Access the latest news, articles, and other educational resources to protect yourself and the ones you love.
A simple, secure, and fast process that will help all Canadians plan ahead and protect their loved ones Over 10M+ Canadians don’t have an Estate plan in place, and 60% of those that have started to build one have not shared that vital information with loved ones...
Death is never easy. I know this first hand.
I got married in June of 2012. The day we returned home from our honeymoon, my Mom told me that her cancer had returned. She had been battling cancer up to that point for over 15 years. The plans my wife and I had envisioned for our first year of marriage were put on indefinite hold; we needed to be there for the woman who sacrificed so much for our famly. Watching someone go through cancer is tough.
To execute an Estate is a big task – it requires time, organization, and determination while dealing with the loss at hand. To be an executor means dealing with legal professionals, financial institutions, creditors, legal court system and beneficiaries.
A few years ago, I lost both of my parents. It was heartbreaking and tough on the entire family. We were dealing with two sudden losses, first when my Mother passed away, and then shortly thereafter, when we lost my Dad.
Firstly, it is important to note that a representation agreement is only needed in British Columbia. Secondly, this document is required for personal care planning. It is a legally enforceable document used when a person is incapicitated, entering palliative care (i.e. nearing their end-of-life), or require other support for their health care.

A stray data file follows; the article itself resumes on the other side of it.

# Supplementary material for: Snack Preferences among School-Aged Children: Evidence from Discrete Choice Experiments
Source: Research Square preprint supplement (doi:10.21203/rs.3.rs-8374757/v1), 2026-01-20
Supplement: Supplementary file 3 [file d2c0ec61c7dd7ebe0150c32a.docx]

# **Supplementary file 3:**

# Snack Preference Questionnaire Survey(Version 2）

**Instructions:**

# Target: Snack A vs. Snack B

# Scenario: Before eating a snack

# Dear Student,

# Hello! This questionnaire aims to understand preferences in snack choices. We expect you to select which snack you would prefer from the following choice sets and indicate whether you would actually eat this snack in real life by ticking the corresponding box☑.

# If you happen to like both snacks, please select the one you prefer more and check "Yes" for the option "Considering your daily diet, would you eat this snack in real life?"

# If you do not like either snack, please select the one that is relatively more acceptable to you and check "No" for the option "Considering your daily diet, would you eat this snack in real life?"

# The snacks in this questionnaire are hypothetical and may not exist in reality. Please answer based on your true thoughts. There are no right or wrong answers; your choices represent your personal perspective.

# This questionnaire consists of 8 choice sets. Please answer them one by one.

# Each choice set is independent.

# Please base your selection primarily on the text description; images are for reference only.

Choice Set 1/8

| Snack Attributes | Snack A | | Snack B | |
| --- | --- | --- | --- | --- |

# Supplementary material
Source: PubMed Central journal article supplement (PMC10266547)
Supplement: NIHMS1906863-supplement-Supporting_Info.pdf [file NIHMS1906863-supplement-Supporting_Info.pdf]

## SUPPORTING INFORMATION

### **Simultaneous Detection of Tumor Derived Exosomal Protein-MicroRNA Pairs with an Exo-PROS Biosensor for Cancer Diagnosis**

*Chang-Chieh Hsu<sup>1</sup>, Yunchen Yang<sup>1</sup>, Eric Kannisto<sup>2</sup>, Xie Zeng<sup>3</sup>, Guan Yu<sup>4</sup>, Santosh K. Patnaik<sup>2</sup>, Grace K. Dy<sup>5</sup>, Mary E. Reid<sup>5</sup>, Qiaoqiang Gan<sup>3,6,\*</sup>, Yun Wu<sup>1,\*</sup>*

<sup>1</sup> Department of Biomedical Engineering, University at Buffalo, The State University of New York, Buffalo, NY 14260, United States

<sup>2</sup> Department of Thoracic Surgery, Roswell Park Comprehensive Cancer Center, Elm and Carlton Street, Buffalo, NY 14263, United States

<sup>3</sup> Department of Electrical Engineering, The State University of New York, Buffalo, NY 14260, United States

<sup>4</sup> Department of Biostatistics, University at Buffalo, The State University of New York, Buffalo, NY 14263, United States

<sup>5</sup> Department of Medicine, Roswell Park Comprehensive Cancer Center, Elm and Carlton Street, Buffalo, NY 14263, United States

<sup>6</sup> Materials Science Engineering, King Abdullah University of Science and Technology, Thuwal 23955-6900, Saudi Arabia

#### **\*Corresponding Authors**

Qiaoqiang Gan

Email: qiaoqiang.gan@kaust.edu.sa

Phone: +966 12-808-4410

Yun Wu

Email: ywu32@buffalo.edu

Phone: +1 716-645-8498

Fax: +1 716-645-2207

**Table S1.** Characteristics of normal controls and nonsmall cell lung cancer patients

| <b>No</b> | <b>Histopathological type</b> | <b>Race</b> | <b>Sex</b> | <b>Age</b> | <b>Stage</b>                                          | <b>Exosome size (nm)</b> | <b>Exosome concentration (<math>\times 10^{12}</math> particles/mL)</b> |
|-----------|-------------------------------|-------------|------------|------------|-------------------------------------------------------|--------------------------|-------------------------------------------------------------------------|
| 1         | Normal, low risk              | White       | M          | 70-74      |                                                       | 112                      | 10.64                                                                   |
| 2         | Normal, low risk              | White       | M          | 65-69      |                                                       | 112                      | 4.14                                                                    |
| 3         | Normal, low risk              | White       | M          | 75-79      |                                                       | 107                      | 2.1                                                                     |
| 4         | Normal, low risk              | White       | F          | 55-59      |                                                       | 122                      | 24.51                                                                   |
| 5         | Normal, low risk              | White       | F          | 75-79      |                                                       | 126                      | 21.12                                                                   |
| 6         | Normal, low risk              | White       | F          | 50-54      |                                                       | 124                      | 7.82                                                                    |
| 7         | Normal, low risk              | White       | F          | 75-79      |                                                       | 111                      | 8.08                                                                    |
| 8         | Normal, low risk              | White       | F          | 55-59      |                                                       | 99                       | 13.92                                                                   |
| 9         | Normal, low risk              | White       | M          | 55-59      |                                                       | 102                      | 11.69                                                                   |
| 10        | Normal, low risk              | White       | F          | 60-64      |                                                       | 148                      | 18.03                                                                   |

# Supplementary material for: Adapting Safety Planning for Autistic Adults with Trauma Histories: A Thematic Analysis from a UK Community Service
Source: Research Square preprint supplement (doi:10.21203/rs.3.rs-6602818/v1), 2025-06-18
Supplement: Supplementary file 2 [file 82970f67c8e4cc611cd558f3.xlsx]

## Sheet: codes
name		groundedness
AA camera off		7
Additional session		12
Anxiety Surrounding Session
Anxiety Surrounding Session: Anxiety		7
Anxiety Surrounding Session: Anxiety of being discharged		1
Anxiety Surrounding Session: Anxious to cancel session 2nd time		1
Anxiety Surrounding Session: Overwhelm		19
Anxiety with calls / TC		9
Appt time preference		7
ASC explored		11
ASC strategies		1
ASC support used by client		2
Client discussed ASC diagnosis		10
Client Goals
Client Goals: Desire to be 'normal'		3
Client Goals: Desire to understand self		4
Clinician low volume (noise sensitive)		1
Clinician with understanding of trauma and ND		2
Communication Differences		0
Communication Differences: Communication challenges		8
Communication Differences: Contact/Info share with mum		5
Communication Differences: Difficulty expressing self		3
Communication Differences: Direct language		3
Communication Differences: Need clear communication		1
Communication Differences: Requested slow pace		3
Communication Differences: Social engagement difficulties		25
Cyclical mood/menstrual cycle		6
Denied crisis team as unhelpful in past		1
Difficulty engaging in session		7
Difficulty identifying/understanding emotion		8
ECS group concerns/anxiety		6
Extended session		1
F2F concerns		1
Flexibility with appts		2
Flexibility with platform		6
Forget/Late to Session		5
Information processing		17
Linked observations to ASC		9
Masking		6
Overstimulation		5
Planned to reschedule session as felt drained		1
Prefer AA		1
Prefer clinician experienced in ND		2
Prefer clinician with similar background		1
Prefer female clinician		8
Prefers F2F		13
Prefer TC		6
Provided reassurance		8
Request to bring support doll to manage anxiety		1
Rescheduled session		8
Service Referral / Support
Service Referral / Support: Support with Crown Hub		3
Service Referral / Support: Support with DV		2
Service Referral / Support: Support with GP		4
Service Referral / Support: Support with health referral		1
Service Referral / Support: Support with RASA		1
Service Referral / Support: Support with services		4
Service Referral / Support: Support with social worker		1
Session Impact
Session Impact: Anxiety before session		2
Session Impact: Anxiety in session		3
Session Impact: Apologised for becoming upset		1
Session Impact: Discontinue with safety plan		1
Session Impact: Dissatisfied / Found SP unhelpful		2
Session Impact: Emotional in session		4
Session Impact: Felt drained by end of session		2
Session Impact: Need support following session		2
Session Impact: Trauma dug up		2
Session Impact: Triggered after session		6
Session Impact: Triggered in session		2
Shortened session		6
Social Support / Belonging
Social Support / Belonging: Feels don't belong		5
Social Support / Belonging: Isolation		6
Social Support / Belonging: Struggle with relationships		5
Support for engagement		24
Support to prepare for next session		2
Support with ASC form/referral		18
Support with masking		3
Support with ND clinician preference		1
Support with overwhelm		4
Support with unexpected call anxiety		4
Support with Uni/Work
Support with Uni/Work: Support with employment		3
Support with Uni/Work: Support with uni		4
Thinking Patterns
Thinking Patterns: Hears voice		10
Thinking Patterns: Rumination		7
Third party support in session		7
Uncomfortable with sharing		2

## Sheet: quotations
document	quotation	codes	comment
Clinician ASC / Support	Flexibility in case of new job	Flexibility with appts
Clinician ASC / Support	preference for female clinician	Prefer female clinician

A power of attorney is a very important legal document that protects your family should you become incapiciated, ill, or mentally incapable of making sound decisions. By appointing an ”attorney”, they will have the ability to make legal, financial, and health decisions on your behalf (please refer to your provincial legal guidelines and a legal professional to ensure your power of attorney document is crafted correctly). An attorney can be anyone you trust and feel would be the best caretaker of you and your interests, should the inevitable happen.
The majority of Canadians do not know the difference between a power of attorney and a will but it ultimately comes down to life and death. A will protects your wishes after you have passed, whereas a power of attorney protects your needs while you are alive.
A Will is…? A will is a legal document that lists the items in your estate and declares who should get specific items, according to your wishes.
Jessie Vaid, the founder of ReadyWhen, has been a Notary Public in BC since the early 2000’s. During this time he has assisted thousands of clients with their estate plans. In doing so, he was often struck by how the current manner of completing an Estate plan is neither user friendly, nor environmentally friendly, as it is very paper heavy. There was clearly an opportunity to improve on the rather cumbersome and somewhat antiquated processes within estate planning.
Creating a will is hard. It requires us to look at our own mortality, and forces us to address a big question: what is our legacy after we’re gone? This requires some tough thinking. Difficult or not, it’s essential to make a will, especially if you are a parent, or...
There comes a time in everyone’s life when they begin to think about how they will protect their family, and share everything they worked so hard to build over their lifetime. The first major step in this process is writing a will. A will dictates how your final wishes will be carried out, and how you wish your estate to be disbursed, when the inevitable happens.